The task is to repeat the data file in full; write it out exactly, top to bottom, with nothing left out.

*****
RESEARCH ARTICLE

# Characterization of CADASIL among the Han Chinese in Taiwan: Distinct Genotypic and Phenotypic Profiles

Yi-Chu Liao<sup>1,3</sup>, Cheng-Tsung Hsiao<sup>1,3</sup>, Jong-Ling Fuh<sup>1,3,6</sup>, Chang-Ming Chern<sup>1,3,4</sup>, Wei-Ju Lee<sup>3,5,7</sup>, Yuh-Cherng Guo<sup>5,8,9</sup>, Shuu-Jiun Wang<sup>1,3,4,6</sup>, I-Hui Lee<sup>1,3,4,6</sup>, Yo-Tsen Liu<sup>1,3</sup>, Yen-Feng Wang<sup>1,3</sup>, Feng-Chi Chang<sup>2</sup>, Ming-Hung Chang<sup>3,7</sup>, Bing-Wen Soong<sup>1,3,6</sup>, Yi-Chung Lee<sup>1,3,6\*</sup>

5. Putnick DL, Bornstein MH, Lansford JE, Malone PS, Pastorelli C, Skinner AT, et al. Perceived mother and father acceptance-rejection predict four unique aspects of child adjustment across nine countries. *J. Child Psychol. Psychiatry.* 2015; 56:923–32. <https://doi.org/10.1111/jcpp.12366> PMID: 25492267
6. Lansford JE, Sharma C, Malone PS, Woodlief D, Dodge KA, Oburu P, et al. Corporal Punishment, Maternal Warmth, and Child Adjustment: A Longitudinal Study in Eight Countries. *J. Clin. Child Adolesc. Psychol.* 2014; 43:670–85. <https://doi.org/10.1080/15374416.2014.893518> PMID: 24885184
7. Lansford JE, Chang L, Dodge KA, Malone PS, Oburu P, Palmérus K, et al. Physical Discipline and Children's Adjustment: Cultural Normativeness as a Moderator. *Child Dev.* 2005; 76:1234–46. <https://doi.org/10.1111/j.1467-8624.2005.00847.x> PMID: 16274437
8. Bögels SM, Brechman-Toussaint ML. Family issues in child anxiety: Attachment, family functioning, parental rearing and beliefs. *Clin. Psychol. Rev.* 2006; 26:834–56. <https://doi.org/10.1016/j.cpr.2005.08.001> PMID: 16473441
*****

RESEARCH ARTICLE

# Characterization of CADASIL among the Han Chinese in Taiwan: Distinct Genotypic and Phenotypic Profiles

Yi-Chu Liao<sup>1,3</sup>, Cheng-Tsung Hsiao<sup>1,3</sup>, Jong-Ling Fuh<sup>1,3,6</sup>, Chang-Ming Chern<sup>1,3,4</sup>, Wei-Ju Lee<sup>3,5,7</sup>, Yuh-Cherng Guo<sup>5,8,9</sup>, Shuu-Jiun Wang<sup>1,3,4,6</sup>, I-Hui Lee<sup>1,3,4,6</sup>, Yo-Tsen Liu<sup>1,3</sup>, Yen-Feng Wang<sup>1,3</sup>, Feng-Chi Chang<sup>2</sup>, Ming-Hung Chang<sup>3,7</sup>, Bing-Wen Soong<sup>1,3,6</sup>, Yi-Chung Lee<sup>1,3,6\*</sup>

5. Putnick DL, Bornstein MH, Lansford JE, Malone PS, Pastorelli C, Skinner AT, et al. Perceived mother and father acceptance-rejection predict four unique aspects of child adjustment across nine countries. *J. Child Psychol. Psychiatry.* 2015; 56:923–32. <https://doi.org/10.1111/jcpp.12366> PMID: 25492267
6. Lansford JE, Sharma C, Malone PS, Woodlief D, Dodge KA, Oburu P, et al. Corporal Punishment, Maternal Warmth, and Child Adjustment: A Longitudinal Study in Eight Countries. *J. Clin. Child Adolesc. Psychol.* 2014; 43:670–85. <https://doi.org/10.1080/15374416.2014.893518> PMID: 24885184
7. Lansford JE, Chang L, Dodge KA, Malone PS, Oburu P, Palmérus K, et al. Physical Discipline and Children's Adjustment: Cultural Normativeness as a Moderator. *Child Dev.* 2005; 76:1234–46. <https://doi.org/10.1111/j.1467-8624.2005.00847.x> PMID: 16274437
8. Bögels SM, Brechman-Toussaint ML. Family issues in child anxiety: Attachment, family functioning, parental rearing and beliefs. *Clin. Psychol. Rev.* 2006; 26:834–56. <https://doi.org/10.1016/j.cpr.2005.08.001> PMID: 16473441